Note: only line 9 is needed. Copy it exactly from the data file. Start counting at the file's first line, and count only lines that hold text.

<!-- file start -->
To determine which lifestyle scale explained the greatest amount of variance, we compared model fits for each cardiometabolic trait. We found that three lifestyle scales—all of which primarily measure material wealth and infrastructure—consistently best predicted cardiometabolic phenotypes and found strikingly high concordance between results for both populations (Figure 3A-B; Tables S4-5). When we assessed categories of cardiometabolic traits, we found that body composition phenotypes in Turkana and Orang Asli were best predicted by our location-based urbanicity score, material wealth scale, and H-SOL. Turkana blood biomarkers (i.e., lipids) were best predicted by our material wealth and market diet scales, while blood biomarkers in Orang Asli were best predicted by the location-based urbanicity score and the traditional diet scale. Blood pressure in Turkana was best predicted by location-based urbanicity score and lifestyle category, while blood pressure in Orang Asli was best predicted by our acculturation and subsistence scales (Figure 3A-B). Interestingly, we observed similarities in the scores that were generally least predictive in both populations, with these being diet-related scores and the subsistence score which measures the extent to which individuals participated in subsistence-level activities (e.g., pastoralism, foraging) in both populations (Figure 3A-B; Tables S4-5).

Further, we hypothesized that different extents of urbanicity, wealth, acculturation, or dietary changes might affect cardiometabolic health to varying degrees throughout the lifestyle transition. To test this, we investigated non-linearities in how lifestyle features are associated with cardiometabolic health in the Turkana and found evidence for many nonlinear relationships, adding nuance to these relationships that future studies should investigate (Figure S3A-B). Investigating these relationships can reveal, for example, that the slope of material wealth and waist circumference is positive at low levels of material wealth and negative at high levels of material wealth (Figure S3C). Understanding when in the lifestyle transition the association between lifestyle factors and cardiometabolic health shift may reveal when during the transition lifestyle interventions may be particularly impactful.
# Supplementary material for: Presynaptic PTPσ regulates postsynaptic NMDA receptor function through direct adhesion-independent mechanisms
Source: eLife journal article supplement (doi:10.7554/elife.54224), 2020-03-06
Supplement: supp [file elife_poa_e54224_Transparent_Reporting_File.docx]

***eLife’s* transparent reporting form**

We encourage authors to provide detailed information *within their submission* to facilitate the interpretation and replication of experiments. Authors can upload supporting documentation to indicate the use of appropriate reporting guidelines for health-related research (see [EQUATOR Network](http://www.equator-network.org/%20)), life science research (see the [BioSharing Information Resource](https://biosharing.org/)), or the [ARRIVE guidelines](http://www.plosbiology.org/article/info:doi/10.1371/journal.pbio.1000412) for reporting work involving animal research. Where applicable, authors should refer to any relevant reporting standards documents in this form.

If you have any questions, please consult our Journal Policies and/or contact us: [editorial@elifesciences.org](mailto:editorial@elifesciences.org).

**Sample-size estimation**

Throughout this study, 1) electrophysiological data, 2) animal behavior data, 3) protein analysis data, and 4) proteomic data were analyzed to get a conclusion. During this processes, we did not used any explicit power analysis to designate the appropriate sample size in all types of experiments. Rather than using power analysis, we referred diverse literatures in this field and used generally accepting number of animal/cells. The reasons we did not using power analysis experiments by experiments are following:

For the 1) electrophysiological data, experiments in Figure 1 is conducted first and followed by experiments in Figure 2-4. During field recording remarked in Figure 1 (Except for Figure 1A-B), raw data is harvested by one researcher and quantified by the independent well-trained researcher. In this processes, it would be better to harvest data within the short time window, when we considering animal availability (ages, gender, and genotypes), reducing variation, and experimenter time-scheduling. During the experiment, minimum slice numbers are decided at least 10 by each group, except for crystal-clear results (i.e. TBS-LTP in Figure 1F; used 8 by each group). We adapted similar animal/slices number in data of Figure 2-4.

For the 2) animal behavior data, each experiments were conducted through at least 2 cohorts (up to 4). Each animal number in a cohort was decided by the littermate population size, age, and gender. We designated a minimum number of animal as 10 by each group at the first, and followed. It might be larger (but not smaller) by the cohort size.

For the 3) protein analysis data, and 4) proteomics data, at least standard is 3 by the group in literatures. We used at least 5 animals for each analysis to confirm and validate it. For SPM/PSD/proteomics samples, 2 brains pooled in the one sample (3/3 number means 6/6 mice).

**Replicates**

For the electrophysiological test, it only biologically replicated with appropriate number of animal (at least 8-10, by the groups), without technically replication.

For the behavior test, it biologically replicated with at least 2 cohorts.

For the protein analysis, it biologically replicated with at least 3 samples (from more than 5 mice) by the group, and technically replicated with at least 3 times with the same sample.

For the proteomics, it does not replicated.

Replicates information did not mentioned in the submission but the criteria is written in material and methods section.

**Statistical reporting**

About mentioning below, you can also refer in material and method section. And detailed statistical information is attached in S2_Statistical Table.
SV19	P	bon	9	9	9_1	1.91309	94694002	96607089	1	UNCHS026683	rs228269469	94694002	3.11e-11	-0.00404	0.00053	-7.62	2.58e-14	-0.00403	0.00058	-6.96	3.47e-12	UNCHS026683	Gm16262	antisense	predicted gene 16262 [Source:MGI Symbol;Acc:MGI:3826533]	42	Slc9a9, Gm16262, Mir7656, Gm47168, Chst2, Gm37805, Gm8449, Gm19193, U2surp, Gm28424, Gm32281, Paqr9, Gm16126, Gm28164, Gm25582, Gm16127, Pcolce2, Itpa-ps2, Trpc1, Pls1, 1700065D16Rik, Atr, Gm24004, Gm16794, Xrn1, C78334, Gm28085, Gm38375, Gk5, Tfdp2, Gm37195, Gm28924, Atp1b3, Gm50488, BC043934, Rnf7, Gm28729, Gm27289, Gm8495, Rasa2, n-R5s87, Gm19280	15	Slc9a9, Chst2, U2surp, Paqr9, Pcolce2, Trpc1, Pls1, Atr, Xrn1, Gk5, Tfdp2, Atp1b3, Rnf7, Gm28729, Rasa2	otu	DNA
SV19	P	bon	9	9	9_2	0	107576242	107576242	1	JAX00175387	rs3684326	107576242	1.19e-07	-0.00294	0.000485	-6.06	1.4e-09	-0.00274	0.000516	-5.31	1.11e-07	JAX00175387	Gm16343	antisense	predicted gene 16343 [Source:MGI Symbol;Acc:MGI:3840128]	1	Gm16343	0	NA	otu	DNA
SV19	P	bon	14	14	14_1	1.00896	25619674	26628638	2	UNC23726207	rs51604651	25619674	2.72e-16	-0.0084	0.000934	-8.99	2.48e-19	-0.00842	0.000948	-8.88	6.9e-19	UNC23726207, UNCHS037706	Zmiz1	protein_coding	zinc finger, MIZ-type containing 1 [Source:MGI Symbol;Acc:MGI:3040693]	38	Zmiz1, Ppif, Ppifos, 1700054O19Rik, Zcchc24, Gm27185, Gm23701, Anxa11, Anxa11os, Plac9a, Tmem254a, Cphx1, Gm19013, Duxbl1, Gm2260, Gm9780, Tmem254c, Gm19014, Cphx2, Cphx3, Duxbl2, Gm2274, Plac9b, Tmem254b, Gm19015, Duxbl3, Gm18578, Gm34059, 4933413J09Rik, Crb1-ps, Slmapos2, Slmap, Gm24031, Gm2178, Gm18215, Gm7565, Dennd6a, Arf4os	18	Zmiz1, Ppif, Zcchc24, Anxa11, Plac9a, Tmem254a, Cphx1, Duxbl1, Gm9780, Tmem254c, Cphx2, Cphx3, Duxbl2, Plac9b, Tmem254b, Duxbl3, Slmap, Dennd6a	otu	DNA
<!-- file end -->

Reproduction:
**Sample-size estimation**